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Call for immediate help from one of our team 01622 47 41 49

Call for immediate help from one of our team 01622 47 41 49

Call for immediate help from one of our team 01622 47 41 49

Call for immediate help from one of our team 01622 47 41 49

General Business
Managing People
Employment & HR

Men's Mental Health at Work

Primed Team
10 June 2024 3 minutes

Mental health can plague us all, it doesn't discriminate against race, age or gender. We will outline mental health at work from the male perspective. Highlighting issues with society, workplace pressures and more traditional male ideals.

International Men’s Health Focus is encouraging organisations to explore how they support men’s mental health in the workplace. According to the Men’s Health Forum, over 190,000 men a year report stress, depression, or anxiety that is attributed to work.

‘Men don’t cry’ is a cliché that immediately comes to mind and it’s still common for boys to be taught to ‘man up’. This area is changing as mental health awareness increases, but we are fighting against generations of stereotypes. Burying these gender stereotypes is necessary to cultivate a balanced and inclusive environment. Traditional ideals can cause a sense of isolation and prevent a man from seeking help from others.

80% of suicides are men— Spring Health. This is a concerningly high statistic that perfectly highlights why awareness in the workplace is critical. Every little step in a positive direction helps; what seems insignificant can have a big impact.

Here are some behaviours to be mindful of, suggested by Harvard Business Review. Remember these when engaging in conversations at work:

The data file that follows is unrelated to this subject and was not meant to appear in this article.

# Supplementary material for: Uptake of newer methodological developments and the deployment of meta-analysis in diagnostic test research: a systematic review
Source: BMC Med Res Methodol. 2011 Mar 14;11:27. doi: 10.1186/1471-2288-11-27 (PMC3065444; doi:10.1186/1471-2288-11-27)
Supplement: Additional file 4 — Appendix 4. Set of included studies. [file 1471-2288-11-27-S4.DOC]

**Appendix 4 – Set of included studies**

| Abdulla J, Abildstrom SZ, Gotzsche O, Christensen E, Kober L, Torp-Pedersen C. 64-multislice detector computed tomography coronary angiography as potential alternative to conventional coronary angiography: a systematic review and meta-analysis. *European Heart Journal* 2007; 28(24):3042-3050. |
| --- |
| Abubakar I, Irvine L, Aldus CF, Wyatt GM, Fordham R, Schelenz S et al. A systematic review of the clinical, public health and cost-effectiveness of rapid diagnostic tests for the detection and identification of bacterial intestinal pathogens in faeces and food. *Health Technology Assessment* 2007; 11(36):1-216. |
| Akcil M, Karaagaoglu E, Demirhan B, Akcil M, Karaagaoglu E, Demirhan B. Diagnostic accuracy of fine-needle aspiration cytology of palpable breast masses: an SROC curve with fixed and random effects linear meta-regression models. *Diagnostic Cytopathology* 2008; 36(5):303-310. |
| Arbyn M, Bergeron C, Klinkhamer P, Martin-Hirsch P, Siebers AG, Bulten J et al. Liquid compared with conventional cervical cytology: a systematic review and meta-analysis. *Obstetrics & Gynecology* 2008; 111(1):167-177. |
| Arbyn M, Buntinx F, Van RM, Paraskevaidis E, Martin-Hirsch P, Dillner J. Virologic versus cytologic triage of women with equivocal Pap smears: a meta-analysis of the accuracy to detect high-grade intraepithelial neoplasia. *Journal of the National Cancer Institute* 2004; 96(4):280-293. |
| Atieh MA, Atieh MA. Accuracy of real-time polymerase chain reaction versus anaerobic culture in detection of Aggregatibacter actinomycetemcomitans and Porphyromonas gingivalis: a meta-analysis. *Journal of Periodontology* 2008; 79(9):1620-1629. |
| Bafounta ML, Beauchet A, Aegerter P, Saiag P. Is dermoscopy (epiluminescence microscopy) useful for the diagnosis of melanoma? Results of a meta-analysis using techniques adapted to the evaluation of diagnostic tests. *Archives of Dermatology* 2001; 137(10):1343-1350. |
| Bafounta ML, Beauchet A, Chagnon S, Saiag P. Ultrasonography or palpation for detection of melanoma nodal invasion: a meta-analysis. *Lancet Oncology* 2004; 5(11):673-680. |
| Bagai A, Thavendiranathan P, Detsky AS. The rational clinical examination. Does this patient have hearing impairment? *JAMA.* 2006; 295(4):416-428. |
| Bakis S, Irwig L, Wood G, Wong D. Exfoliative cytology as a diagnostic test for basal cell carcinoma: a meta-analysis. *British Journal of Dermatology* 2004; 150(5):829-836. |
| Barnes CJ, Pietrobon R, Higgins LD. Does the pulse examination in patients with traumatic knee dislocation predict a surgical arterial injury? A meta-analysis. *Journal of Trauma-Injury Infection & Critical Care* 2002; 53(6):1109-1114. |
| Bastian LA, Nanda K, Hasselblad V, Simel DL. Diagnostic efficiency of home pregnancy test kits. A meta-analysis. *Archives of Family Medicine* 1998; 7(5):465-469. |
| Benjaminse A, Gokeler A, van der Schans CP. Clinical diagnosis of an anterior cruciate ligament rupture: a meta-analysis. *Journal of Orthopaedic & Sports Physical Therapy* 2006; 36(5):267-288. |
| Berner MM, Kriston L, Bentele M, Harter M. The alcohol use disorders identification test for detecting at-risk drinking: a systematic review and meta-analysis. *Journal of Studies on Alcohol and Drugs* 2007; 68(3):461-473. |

1. Distraction: Missing deadlines, excessive device interaction, diminished performance and decreased concentration.
  2. Withdrawal: Increase in social isolation and high increase in sick days.
  3. Escaping: More frequent and heavy drinking, binge eating and more involvement in indulgent activities.
  4. Externalisation: High irritability, snapping at colleagues, noticeably angry.

Ways to help men at your workplace:

  • Building a safe space where men feel able to show vulnerability is key. This is even more pressing, as they are fighting many factors to open up. Try using your own vulnerability when opening up to a male colleague; use the opportunity to normalise this kind of interaction.
  • Casual ‘water cooler’ conversations or passing corridor chats are also great ways to check in with people in a less formal manner and can be more appropriate in some cases than formal meetings.
  • Offer schemes or services at work. Striking up deals with local amenities like sports centres creates opportunities for post-work activities. Consider schemes which offer a wide range of benefits, discounts, and activities. Members could have access to a 24/7 Mental Health Helpline, an excellent option for someone who values privacy and struggles to talk to people they know.

Mental health issues and stress fuel each other. Stress can be seen as a more short term issue that stops if a situation changes. Burnout occurs over a much longer period.

MindTools suggests to watch out for these signs:

  • Having a negative outlook at work.
  • Dreading going into work.
  • Trouble sleeping and low energy.
  • Being irritated easily.
  • Emotional detachment.

Working with purpose is an effective strategy for preventing burnout. Having clear goals and a solid understanding of them provides that. It will then be easier to focus on only the essentials and delegate tasks that stand in the way. With a new burst of productivity, your contributions to work and colleagues will feel more substantial. This surge could leave you with a feeling of control over your day, particularly when tasks are actively scheduled. Incorporating exercise is highly recommended for promoting health, why not try an activity purely for enjoyment? Shift the goal from health to fun, a fun sport will be much more engaging and the health benefits will take care of themselves. Take time to explore stress management. How do you know if you’re stressed? Many people don’t recognise when they are stressed, so exploring ideas and strategies to reduce your own stress is essential.

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